Physik  |  Technik


Karim Malik, 2004 | Zug, ZG
Frederick Steinmann, 2005 | Flims Dorf , GR


With the increasing risk of food insecurity worldwide, aquaponic gardening emerges as a productive and reliable means of ensuring fresh produce is available year-round. In this paper, a Western African community where water scarcity is a principal concern and fishery is no longer sustainable, is used as an example for the implementation of aquaponics. However, due to the high cost of adequate control systems for this application, the financial barrier of entry is unrealistic for such developing communities. In this research work it was hypothesised that a low-cost and modular solution could be implemented using a single-board-computing approach with common micro-controllers. Past literature is examined, shortcomings are noted, and a finalised solution utilising a node-based architecture built on ESP-32 and Raspberry Pi platforms with cloud based databases is presented. A novel, fully modular, and uniquely affordable IoT-based approach to tackle the high costs of aquaponics control units is demonstrated for real-world use. The design is operated with well-tested open-source frameworks, namely Node-RED and the industry-standard MQTT IoT protocol for communication and management of actuators and sensor readings. Further expandability and additional functionality is considered along with practical implementation challenges.


What specific hardware and software standards are necessary to enable seamless integration of a low-cost and modular aquaponics sensing and actuating unit with existing monitoring systems and databases?


The setup included a Raspberry Pi 3B hosting a WAP to which the ESP-32 microcontroller connected to over WiFi. To test the MQTT protocol data broadcasting capabilities, a BME280 sensor was connected to the ESP-32 using I2C. The PubSubClient C++ library was used with the ArduinoJSON library to accommodate JSON parsing. The low-level computing unit or node was designed with Altium CircuitMaker, simulated in CircuitLab and incorporates a recent ESP-32-S-WROOM main computing unit, as well as a Texas Instruments LMP-91200 AFE for signal processing. Cloud communication is achieved using a LTE modem.


The Raspberry Pi 3B supported the software with memory utilisation peaking at 250 MB. Low-level sensor interfaces worked reliably, and JSON-formatted data from the BME280 sensor was stored in the InfluxDB database for future time-series analysis. Alerting features were implemented with Node-RED and Grafana. The scripts for sensor and mesh integration worked as expected, with an included calibration function. Peak power draw of one low-level node did not exceed 300 mA while under peak load, and as such power efficiency is satisfactory. Computing power was recorded to have reasonable compute resources even with all sensors attached.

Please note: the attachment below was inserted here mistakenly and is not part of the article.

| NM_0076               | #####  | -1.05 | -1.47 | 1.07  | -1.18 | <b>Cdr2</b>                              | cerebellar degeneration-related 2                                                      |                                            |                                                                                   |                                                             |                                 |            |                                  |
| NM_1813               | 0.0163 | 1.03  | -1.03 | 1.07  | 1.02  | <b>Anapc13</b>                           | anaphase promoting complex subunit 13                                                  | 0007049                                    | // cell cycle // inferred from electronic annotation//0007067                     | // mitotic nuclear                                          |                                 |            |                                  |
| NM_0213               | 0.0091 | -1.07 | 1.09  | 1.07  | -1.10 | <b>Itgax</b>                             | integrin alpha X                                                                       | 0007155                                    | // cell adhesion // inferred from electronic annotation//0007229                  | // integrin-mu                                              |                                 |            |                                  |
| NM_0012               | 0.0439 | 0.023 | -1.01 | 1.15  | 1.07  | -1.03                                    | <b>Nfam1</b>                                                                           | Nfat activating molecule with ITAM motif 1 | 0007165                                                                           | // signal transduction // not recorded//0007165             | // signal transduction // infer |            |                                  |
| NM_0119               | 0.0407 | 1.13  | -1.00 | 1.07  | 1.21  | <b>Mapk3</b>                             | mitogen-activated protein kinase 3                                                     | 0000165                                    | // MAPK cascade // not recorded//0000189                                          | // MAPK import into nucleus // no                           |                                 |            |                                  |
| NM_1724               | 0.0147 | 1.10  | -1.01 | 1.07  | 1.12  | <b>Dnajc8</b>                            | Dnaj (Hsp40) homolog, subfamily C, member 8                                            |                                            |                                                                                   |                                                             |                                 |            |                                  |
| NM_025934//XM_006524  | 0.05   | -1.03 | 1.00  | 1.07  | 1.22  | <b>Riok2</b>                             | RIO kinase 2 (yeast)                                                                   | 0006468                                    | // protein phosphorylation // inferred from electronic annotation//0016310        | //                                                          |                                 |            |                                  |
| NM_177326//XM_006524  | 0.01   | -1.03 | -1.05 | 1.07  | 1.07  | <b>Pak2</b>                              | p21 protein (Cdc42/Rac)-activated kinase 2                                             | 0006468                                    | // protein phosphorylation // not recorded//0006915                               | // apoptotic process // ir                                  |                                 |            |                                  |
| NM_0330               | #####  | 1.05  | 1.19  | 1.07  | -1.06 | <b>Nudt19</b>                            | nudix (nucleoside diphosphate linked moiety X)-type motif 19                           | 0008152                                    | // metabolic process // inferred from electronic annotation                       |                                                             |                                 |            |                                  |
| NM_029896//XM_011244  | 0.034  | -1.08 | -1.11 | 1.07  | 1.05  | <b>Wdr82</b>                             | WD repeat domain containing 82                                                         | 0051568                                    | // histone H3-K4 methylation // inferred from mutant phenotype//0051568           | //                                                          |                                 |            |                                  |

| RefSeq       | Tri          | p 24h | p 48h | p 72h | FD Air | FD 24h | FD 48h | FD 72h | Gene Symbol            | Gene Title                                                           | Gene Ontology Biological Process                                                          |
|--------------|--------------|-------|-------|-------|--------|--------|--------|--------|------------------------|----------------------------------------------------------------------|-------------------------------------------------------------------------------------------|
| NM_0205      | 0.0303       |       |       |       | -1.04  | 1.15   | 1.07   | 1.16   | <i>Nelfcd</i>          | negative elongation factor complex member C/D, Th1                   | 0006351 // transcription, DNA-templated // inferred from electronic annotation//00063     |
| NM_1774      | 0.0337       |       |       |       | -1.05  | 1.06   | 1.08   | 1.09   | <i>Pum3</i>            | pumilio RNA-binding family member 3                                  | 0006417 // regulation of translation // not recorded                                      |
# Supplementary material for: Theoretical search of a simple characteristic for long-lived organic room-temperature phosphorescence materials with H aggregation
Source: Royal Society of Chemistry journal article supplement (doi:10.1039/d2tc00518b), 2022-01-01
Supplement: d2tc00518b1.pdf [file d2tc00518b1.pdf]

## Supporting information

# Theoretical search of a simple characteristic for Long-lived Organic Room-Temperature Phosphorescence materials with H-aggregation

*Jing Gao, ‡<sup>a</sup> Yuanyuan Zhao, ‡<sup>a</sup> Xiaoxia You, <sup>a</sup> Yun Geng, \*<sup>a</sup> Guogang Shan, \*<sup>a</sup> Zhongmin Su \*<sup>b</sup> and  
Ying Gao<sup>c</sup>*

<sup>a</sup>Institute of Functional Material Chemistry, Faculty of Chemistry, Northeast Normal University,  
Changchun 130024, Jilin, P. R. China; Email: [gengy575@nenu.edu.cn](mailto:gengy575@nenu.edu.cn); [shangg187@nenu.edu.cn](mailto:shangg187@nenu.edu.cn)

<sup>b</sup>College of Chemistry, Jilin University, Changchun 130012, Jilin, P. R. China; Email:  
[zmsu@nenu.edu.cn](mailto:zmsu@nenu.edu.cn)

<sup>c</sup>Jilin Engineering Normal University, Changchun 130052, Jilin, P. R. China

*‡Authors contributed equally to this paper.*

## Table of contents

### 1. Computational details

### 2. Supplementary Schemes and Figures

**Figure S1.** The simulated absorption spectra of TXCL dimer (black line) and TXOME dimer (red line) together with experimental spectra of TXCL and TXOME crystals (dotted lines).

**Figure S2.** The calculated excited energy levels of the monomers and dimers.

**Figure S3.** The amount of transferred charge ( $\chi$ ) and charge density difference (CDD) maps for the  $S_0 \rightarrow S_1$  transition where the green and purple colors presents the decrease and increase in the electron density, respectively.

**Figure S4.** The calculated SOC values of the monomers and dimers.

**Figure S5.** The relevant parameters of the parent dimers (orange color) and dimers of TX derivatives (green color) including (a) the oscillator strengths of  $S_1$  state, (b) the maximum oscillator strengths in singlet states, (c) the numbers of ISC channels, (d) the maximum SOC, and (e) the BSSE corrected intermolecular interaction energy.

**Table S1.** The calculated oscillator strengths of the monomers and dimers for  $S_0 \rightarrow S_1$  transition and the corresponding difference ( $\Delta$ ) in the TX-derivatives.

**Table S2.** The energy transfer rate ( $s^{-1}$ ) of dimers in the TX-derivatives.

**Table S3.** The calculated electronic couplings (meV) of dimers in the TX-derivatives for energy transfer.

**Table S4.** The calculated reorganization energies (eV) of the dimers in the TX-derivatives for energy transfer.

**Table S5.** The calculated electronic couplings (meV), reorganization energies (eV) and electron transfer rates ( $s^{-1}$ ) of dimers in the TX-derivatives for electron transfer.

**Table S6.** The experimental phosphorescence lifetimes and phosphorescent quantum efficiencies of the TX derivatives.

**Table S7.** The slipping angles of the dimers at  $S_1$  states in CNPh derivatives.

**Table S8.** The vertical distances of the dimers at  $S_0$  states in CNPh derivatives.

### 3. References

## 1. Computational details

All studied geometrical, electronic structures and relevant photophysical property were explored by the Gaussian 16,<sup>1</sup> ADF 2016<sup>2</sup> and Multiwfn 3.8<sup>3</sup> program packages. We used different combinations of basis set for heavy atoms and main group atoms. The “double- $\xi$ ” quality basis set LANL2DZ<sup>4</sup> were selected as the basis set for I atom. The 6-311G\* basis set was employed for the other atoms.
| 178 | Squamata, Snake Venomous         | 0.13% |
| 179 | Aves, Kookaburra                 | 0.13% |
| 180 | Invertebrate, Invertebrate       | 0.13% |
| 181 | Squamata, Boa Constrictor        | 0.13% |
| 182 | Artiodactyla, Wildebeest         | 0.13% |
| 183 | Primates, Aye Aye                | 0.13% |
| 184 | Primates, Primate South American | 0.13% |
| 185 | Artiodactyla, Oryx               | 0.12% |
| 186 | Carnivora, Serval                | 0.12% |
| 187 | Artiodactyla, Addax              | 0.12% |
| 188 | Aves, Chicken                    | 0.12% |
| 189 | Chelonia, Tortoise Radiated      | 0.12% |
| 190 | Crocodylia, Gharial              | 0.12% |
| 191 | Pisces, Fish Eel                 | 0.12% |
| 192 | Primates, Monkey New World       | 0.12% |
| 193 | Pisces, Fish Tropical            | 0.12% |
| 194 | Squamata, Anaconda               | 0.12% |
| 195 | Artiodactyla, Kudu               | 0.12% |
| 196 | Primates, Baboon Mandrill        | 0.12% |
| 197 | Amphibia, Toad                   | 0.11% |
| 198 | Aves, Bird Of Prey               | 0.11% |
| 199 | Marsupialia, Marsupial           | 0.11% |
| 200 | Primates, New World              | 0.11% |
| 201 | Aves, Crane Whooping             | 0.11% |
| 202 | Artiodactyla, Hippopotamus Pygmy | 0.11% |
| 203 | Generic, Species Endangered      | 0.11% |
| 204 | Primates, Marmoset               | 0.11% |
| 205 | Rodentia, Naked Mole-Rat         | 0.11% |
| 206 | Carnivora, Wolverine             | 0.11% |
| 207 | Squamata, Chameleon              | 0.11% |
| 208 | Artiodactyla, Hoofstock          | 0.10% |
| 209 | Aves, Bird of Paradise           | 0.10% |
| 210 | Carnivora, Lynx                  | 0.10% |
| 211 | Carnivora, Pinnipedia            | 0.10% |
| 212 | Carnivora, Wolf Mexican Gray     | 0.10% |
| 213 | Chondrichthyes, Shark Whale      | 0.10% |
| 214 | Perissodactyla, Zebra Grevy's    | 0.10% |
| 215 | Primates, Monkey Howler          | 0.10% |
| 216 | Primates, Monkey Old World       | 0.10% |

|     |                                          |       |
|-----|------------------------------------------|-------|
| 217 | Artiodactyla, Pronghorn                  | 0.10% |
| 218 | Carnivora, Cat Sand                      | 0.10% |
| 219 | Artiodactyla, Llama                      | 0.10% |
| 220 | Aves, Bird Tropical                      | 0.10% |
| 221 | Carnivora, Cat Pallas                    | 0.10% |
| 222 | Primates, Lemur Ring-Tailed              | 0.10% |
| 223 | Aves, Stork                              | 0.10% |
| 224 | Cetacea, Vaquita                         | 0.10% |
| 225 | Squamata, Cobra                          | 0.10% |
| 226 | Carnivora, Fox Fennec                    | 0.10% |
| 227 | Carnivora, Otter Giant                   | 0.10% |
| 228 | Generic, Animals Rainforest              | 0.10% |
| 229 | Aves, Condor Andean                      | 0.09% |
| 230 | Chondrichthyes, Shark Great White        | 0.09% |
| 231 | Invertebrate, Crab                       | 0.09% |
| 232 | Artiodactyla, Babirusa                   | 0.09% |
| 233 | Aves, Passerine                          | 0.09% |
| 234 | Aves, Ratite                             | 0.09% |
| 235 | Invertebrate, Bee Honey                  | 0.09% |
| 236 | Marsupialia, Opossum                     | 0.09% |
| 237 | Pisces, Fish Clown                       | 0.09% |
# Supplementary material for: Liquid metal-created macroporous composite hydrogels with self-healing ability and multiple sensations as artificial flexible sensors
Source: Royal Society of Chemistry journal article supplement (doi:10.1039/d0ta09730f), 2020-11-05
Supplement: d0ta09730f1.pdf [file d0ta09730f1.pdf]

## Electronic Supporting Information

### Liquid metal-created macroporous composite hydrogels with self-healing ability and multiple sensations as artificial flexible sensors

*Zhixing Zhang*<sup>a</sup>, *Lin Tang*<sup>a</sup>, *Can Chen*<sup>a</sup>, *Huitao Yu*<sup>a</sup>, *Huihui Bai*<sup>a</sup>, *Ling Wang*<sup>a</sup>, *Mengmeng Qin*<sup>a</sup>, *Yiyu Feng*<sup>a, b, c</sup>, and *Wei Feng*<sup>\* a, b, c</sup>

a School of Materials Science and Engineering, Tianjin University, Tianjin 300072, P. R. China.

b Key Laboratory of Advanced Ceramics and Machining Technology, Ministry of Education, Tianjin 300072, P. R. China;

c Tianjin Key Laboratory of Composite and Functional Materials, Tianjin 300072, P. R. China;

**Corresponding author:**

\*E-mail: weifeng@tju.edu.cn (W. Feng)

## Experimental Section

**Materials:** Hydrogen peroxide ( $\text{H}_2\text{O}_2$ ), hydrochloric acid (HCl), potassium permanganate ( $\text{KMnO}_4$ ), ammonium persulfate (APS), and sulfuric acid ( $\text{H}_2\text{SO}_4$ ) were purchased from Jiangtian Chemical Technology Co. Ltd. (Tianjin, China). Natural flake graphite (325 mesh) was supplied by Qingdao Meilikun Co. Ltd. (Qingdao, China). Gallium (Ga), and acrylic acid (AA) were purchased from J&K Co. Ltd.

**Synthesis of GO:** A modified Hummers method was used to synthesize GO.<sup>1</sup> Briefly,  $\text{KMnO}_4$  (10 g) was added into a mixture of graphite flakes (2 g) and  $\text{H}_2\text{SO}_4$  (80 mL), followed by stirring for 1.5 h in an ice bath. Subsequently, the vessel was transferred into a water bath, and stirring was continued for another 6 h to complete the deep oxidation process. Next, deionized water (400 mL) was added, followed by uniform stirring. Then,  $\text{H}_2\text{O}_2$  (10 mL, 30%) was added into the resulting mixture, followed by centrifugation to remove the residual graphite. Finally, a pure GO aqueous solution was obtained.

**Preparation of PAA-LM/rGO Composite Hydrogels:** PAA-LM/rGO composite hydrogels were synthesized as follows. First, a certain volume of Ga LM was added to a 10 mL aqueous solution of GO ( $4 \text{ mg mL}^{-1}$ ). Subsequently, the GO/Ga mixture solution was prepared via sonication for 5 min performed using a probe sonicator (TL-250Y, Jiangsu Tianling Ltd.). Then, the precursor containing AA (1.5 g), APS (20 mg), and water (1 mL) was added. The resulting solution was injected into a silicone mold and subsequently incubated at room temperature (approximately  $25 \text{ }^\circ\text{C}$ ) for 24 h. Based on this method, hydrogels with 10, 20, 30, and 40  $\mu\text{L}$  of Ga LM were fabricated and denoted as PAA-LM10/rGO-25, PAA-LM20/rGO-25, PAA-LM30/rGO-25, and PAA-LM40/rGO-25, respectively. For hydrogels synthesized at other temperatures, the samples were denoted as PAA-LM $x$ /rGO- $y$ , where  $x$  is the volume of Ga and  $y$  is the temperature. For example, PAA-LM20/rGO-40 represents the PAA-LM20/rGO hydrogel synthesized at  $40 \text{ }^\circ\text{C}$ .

The Raspberry Pi Zero 2W did not meet expectations despite its reduced cost, as the 250 MB memory consumption would not allow for software expandability. Latency was present when connecting to the web clients and accessing the database, indicating that the minimum specification would require 1 GB of memory or higher, leaving the Pi 3 or CM4 as suitable options. The cost of one node is now only 30 CHf, being 90% lower than comparable options. However, sensor electrodes remain a concern for cost-effectiveness, costing over 300 CHf, making up a majority of a unit’s cost. To improve ease of use and affordability, the cost of such sensors must be reduced appreciably.


The results discussed indicate the feasibility of implementing this system using commonly available components. A unique aspect of this design is its modularity, enabling effective adaptability to different climates such as that of Ghana. The potential social impacts of this design primarily include reduced water consumption for agriculture, leading to a higher proportion of clean water available for sanitation. Further, increased economic opportunities in the community follow from the scalability and profitability of aquaponics systems, potentially providing dozens of jobs at scale. Societally, it would contribute to lower costs and better overall nutrition in the community by providing year-round fresh produce. The barrier of entry for implementing aquaponics on a larger scale in West Africa or other less economically developed areas is made less complicated because of the platform’s uniquely high level of scalability and affordability. Moving forward, lower-cost electrodes must be pursued to ensure greater feasibility for economically disadvantaged communities, which may be possible through manufacturer collaborations.



Würdigung durch die Expertin

Elisa Bossi

This work addresses the important issue of food security by investigating easily applicable and large-scale scientific Aquaponic gardening Control Unit systems in the West African setting. In the analysis of the results, fundamental aspects for the system implementation in the local setting such as management complexity or costs were also considered. The authors showed great motivation in the project knowing that their results could be used in practice and be the starting point for further research in the field of aquaponic gardening in developing countries.


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Sonderpreis «Stockholm Junior Water Prize» gestiftet von der Swiss Toilet Organisation & Swiss Water Partnership




International School of Zug and Luzern, Hünenberg
Lehrer: Christopher Koch